Editor’s note: School starts soon, and how a student does in school depends a lot on his or her parents. We asked area teachers and administrators for their best tips on how parents can help their children have success in school. Their suggestions will run every day through Aug. 27.

Today’s tip: Get to know your child’s teacher, school

It’s critical there be a partnership between the teachers, school and parents, said Auburn Superintendent Katy Grondin. “Your child’s education depends on the partnership we build between home and school.”

Building relationships helps build support and helps the student be successful in school, Grondin said. When teachers and parents know each other and communicate, it promotes understanding. It means the child is hearing the message of the importance of school both at school and home, Grondin said.

Get the relationship started by saying hello in person, make sure your child’s or children’s teachers know who you are “so they can put a face with a name.” Grondin said.

In case they need to reach you, make sure teachers and the school staff have current email addresses, cellphone numbers, work numbers and home numbers.


Some teachers have classroom e-alerts. They’re collecting parents emails,” Grondin said. “They don’t always send by paper. We’re doing a lot more electronically.”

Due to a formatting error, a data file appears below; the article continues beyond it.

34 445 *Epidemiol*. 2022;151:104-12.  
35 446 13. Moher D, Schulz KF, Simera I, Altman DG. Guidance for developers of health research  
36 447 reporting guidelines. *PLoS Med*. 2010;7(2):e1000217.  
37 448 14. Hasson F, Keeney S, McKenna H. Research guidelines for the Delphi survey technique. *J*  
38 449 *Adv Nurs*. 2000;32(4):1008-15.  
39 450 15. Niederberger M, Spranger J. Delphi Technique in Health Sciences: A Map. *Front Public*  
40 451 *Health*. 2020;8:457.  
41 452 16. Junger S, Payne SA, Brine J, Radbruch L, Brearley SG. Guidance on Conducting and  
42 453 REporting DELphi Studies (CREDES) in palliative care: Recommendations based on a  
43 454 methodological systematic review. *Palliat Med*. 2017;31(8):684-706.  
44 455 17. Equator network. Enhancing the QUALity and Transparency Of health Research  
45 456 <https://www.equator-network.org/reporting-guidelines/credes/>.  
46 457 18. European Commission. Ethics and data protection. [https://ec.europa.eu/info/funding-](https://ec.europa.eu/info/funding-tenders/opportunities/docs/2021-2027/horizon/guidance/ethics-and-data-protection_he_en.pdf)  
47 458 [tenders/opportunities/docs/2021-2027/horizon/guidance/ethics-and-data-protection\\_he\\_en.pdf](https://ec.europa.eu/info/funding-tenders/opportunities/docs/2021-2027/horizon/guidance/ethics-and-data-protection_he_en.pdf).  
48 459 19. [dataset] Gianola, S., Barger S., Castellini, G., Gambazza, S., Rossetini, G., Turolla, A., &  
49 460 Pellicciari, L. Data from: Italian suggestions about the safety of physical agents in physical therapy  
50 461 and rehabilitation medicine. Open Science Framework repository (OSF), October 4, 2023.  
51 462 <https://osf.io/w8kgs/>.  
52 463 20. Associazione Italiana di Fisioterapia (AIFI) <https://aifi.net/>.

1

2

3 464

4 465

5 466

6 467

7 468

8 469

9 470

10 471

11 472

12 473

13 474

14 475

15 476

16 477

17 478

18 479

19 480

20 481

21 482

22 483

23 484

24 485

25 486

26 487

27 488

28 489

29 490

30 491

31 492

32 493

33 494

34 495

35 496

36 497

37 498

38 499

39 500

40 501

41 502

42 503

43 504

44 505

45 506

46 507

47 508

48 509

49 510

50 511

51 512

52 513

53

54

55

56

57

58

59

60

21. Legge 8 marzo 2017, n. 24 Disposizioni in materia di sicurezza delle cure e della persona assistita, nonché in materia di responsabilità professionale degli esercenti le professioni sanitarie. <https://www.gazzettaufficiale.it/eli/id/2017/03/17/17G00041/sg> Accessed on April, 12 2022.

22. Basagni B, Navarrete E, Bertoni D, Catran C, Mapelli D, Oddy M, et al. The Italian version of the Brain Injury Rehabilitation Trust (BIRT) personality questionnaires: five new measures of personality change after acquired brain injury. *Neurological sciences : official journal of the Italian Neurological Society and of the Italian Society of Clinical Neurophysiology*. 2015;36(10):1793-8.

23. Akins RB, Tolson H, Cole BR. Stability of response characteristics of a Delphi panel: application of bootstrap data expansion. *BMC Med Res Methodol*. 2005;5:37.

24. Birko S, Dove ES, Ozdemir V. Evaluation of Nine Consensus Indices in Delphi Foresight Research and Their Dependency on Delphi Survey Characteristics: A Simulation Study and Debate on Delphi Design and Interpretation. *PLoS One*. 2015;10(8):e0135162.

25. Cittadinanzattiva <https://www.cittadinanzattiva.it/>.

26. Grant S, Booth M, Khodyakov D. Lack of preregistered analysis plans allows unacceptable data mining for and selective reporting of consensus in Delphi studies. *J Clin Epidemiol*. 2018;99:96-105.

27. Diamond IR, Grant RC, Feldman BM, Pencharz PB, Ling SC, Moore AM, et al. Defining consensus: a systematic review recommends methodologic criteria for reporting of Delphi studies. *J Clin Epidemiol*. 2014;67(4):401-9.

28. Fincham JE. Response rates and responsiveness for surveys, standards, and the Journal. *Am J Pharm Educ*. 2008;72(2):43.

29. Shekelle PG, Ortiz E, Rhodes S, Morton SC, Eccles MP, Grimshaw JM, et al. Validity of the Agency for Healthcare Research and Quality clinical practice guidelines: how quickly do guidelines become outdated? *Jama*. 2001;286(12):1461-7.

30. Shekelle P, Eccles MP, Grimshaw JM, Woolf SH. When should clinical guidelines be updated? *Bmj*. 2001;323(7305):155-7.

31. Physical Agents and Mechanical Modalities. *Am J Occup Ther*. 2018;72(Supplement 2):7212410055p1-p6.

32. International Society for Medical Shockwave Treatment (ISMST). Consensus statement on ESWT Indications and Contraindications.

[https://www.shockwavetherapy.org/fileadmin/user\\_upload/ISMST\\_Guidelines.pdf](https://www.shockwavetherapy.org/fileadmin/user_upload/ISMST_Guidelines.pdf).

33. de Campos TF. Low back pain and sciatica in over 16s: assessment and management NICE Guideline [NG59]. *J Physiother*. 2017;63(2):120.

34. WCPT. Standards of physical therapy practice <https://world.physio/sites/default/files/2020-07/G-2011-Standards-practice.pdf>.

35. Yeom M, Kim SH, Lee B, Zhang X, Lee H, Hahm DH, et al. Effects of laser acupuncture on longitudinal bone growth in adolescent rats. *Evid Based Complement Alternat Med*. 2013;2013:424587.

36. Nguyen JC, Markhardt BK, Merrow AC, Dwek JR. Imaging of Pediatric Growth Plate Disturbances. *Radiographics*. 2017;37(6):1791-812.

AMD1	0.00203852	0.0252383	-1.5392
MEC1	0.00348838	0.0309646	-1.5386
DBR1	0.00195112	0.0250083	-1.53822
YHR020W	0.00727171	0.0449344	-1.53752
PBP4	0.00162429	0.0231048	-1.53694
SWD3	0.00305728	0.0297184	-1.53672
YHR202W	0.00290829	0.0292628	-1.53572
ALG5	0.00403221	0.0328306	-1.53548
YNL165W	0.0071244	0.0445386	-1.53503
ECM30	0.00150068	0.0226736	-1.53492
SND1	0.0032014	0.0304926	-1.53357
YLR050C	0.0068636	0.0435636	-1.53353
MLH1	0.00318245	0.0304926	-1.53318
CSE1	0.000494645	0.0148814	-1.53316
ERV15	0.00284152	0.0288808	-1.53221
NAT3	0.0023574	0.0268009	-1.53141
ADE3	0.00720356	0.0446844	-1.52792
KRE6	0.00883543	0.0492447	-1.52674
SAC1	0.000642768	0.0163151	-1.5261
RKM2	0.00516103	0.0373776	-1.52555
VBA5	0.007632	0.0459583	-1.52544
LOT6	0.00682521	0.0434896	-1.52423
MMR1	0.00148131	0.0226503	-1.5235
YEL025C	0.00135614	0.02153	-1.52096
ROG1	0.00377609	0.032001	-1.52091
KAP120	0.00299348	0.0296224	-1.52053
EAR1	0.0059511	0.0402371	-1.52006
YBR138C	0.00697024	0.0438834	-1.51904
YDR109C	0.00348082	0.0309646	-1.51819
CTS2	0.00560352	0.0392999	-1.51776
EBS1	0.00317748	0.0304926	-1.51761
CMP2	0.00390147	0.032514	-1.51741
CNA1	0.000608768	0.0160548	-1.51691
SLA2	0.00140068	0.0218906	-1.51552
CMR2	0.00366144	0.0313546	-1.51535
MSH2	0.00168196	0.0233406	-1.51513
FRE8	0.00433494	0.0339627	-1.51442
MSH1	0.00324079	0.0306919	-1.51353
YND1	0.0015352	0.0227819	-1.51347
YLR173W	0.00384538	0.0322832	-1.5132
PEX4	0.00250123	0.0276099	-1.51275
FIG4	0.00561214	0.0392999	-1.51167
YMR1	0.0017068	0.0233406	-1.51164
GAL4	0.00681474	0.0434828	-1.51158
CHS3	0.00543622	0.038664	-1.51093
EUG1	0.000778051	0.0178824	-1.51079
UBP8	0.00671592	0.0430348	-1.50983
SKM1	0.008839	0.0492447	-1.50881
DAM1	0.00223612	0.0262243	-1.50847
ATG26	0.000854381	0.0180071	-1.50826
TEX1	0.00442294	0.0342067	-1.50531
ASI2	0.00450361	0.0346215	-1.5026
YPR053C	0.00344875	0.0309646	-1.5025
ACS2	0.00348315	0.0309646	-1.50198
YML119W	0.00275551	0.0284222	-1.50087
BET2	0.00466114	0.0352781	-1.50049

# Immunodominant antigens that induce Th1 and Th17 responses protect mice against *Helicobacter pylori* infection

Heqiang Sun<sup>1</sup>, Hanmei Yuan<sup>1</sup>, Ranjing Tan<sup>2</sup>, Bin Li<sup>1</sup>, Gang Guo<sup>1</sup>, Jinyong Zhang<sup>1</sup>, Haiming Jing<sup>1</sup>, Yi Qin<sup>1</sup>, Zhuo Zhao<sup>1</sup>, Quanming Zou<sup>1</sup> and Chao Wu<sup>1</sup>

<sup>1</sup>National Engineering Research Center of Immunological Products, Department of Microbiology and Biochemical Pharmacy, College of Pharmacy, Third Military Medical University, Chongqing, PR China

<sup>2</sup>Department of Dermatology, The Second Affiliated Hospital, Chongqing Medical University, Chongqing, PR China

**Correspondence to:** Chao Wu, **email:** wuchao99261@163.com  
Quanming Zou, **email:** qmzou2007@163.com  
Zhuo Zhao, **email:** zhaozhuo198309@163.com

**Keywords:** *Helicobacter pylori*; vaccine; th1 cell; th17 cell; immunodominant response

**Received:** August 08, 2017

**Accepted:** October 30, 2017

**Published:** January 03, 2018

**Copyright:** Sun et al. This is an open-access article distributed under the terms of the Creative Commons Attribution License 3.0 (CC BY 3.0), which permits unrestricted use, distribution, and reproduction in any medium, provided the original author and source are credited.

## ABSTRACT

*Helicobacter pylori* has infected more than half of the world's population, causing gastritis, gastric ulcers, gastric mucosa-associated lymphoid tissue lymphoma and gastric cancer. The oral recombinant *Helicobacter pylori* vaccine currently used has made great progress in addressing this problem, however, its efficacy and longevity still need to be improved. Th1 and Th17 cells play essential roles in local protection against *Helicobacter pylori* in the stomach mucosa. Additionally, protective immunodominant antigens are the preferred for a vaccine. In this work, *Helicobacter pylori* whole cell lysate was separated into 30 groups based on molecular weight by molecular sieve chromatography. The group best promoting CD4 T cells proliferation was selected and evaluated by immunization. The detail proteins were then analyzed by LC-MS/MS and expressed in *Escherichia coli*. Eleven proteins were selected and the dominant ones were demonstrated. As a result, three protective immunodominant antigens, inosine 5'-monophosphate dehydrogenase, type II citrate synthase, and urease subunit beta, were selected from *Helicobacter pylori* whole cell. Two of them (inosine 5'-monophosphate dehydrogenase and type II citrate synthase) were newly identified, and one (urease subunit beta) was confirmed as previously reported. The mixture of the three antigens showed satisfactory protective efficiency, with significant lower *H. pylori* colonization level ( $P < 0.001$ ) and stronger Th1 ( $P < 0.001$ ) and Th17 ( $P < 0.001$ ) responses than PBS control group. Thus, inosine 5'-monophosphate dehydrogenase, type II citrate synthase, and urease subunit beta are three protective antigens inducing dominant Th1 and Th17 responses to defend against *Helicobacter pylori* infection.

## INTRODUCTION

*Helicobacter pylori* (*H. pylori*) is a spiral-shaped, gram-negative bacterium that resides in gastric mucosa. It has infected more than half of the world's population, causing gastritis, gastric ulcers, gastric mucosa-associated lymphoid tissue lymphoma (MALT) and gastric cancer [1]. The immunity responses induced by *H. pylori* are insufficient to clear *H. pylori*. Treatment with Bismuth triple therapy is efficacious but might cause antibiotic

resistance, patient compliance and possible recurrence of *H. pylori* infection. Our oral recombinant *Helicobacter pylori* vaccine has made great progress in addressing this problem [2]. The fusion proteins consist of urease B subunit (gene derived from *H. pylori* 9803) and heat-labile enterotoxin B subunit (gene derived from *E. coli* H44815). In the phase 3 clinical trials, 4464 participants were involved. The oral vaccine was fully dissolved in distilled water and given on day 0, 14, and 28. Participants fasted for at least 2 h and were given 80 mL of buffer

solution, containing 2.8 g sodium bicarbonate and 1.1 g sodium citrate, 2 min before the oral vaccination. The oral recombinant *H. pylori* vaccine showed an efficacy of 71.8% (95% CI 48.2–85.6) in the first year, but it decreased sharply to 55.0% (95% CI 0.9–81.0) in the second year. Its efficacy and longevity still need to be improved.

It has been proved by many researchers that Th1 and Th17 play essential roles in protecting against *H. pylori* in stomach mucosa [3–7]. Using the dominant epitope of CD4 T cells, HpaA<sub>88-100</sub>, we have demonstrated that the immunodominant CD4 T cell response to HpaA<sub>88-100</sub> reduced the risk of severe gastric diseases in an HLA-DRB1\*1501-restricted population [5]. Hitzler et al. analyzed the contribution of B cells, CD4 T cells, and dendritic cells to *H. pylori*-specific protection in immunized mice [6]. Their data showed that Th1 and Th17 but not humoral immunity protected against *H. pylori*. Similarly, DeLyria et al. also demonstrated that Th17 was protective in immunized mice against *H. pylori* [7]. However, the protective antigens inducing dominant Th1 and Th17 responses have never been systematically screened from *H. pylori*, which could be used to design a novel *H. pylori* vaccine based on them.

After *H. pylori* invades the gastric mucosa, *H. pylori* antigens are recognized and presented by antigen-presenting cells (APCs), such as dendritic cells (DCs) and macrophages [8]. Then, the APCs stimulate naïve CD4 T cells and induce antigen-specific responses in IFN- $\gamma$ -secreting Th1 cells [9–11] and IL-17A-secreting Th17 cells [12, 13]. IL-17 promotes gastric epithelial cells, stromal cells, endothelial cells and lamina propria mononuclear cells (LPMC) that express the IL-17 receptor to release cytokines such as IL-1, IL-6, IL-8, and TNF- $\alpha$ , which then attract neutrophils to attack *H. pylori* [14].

Parents should stay connected with their children’s teachers and schools. Today there are many ways. Schools have Web pages, Facebook pages, newsletters and PTOs. Check them out regularly to find out what’s expected of your child, and what’s happening in school.

Don’t hesitate to contact your child’s teacher when you have questions or concerns, Grondin said. Also tell your child’s teacher any reasons why the child may be upset, such as a divorce, a parent losing a job, a family member dying “even a pet dying,” Grondin said. When teachers understand what’s going on they’re better suited to help.

While there are many avenues to find out information or ask questions, “if you feel that you’re still not able to get the information, pick up the telephone and ask,” Grondin said.

— Bonnie Washuk

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